Human Rights Watch mentions FGM in Iraqi-Kurdistan twice in its latest World Report.
Female genital mutilation is practiced mainly in Kurdish areas of Iraq; reportedly 60 percent of Kurdish women have undergone this procedure, although the KRG claimed that the figures are exaggerated. Girls and women receive conflicting and inaccurate messages from public officials on its consequences. The Kurdistan parliament in 2008 passed a draft law outlawing FGM, but the ministerial decree necessary to implement it, expected in February 2009, was inexplicably cancelled.
In 2009 Human Rights Watch found that health providers in Iraqi Kurdistan were involved in both performing and promoting misinformation about the practice of female genital mutilation.
FGM is defined by the World Health Organization (WHO) as all practices “involving partial or total removal of the external female genitalia or injury to the female genital organs for non-medical reasons.”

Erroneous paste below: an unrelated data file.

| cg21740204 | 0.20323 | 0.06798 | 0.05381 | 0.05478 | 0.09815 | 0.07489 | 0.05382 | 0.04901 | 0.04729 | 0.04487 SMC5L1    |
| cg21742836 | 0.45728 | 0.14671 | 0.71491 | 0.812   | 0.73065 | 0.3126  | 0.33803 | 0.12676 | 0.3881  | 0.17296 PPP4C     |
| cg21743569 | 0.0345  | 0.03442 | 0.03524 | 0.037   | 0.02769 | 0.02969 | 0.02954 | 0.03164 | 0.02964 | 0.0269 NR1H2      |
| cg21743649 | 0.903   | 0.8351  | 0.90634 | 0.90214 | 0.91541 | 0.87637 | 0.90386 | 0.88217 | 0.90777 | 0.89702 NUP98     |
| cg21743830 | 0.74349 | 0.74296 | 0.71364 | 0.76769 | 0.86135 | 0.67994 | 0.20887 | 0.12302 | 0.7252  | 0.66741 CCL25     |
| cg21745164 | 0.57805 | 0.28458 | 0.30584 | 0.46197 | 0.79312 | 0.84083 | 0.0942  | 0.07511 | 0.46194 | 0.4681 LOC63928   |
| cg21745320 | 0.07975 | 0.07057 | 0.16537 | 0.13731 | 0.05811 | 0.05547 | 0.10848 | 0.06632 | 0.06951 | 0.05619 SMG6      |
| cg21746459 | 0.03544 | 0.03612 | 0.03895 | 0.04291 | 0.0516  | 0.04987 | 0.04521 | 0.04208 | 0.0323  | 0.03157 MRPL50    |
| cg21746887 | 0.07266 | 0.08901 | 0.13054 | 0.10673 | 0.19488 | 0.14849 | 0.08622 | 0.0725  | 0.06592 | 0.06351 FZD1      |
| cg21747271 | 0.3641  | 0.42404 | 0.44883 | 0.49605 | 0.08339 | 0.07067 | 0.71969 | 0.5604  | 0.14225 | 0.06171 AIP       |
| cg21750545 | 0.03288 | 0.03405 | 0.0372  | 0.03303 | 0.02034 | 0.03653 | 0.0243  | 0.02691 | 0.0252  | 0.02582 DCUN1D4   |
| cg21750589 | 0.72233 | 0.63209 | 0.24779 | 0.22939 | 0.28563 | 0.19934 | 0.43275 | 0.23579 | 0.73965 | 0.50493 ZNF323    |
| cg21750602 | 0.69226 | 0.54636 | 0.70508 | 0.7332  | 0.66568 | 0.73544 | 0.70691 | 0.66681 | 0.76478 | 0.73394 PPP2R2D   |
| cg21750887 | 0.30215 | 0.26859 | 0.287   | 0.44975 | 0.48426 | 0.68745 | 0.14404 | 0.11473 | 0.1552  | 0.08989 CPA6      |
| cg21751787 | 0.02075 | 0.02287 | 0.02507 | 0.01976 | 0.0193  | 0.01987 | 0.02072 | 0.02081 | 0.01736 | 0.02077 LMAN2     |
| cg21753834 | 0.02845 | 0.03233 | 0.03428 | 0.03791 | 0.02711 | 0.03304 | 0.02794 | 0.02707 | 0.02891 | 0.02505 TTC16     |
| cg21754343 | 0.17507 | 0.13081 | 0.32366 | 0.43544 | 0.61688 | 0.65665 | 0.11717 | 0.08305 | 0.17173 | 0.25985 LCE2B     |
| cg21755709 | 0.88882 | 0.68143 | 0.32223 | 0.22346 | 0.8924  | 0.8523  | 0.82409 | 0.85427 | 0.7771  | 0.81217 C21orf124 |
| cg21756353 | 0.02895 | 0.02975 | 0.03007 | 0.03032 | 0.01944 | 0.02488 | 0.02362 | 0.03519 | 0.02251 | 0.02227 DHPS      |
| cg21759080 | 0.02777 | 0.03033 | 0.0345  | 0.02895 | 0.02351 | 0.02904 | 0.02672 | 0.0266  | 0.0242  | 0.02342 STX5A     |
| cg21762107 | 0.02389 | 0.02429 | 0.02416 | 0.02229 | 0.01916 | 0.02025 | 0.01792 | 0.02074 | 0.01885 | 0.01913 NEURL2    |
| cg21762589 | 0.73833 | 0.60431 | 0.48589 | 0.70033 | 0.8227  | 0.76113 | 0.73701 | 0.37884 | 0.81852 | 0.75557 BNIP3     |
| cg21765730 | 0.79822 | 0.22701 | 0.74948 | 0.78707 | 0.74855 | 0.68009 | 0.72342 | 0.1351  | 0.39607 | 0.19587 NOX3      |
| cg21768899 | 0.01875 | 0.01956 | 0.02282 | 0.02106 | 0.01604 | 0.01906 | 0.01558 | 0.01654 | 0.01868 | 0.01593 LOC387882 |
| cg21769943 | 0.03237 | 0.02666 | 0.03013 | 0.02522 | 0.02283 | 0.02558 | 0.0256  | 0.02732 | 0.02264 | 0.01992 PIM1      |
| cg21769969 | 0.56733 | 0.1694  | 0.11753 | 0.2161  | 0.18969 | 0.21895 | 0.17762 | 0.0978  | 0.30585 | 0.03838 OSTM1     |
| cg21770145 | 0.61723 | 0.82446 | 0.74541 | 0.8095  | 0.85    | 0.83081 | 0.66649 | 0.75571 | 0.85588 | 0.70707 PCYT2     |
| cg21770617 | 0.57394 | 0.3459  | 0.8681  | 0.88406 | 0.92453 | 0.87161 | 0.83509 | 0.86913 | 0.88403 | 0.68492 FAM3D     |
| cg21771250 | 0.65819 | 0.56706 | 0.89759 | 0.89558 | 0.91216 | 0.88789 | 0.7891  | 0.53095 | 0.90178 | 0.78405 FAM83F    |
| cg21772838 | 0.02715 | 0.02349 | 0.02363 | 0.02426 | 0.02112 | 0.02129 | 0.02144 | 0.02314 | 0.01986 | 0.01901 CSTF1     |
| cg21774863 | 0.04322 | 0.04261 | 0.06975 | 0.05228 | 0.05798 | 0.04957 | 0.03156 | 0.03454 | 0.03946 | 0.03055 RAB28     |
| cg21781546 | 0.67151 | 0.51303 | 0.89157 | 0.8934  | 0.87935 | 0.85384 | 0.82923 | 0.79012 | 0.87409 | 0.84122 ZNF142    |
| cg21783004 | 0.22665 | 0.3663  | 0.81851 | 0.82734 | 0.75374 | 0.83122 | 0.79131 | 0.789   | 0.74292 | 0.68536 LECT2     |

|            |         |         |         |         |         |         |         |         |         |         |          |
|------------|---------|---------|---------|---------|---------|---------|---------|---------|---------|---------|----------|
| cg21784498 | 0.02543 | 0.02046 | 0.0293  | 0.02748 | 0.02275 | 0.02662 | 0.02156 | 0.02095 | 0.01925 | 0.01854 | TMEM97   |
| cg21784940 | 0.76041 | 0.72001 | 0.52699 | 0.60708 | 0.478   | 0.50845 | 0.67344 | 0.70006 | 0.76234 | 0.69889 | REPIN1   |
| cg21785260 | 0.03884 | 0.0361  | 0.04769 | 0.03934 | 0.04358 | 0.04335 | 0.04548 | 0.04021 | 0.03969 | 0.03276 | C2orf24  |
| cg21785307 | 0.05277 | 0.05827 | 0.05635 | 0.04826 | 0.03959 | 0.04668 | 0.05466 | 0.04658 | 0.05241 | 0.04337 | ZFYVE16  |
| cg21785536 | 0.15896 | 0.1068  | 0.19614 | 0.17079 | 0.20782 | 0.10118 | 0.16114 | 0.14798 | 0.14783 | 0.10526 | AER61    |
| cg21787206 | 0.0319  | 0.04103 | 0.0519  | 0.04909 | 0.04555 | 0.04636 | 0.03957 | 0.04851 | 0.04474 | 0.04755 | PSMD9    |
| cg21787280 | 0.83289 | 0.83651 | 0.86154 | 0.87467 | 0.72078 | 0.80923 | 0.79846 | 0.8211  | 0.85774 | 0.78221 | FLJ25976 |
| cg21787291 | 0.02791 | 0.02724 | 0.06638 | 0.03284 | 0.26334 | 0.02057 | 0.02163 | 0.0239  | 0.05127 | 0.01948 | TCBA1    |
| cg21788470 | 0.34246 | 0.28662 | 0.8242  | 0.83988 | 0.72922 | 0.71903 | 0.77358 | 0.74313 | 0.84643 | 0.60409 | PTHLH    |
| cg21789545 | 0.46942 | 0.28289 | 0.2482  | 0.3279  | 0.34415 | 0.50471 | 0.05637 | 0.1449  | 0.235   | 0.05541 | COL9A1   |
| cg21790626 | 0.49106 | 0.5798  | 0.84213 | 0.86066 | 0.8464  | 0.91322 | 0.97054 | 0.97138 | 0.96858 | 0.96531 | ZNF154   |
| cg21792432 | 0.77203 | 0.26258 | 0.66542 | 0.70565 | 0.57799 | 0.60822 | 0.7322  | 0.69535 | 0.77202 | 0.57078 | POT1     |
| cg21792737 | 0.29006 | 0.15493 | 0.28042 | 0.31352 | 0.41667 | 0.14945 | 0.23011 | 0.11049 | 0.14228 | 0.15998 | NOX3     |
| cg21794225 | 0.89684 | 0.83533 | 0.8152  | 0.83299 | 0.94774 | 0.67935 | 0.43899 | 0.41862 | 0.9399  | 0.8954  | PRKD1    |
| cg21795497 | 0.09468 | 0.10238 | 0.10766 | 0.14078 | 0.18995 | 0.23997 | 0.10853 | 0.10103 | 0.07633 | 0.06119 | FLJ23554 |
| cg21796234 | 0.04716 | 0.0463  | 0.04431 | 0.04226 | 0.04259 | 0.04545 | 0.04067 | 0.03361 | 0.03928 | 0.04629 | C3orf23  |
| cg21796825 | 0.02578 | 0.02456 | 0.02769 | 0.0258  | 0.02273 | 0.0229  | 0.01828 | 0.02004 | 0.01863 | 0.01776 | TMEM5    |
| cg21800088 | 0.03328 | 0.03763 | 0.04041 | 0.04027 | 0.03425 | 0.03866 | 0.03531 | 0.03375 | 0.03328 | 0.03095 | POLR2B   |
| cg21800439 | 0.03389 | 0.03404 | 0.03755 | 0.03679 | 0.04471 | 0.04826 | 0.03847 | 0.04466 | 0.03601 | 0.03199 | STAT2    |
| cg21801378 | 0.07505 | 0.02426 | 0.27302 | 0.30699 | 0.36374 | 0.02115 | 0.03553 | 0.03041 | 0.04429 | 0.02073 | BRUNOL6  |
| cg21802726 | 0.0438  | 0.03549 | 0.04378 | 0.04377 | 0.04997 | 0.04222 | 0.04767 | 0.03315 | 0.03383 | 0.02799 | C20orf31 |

The investigation found that FGM was practiced by midwives, but that its prevalence and harm were routinely minimized by physicians and government medical officials. For example, one physician explained to Human Rights Watch that she counselled patients that “circumcision is nothing; it does not influence life because a woman is sensitive in all her parts.” Government medical providers routinely told Human Rights Watch that FGM was uncommon-despite surveys finding nearly half of all girls to be circumcised-and promoted false information in media campaigns. One woman told Human Rights Watch that on television “a [government] doctor explained that FGM is normal…. The doctor said, ‘If you do it or not it’s still the same.'”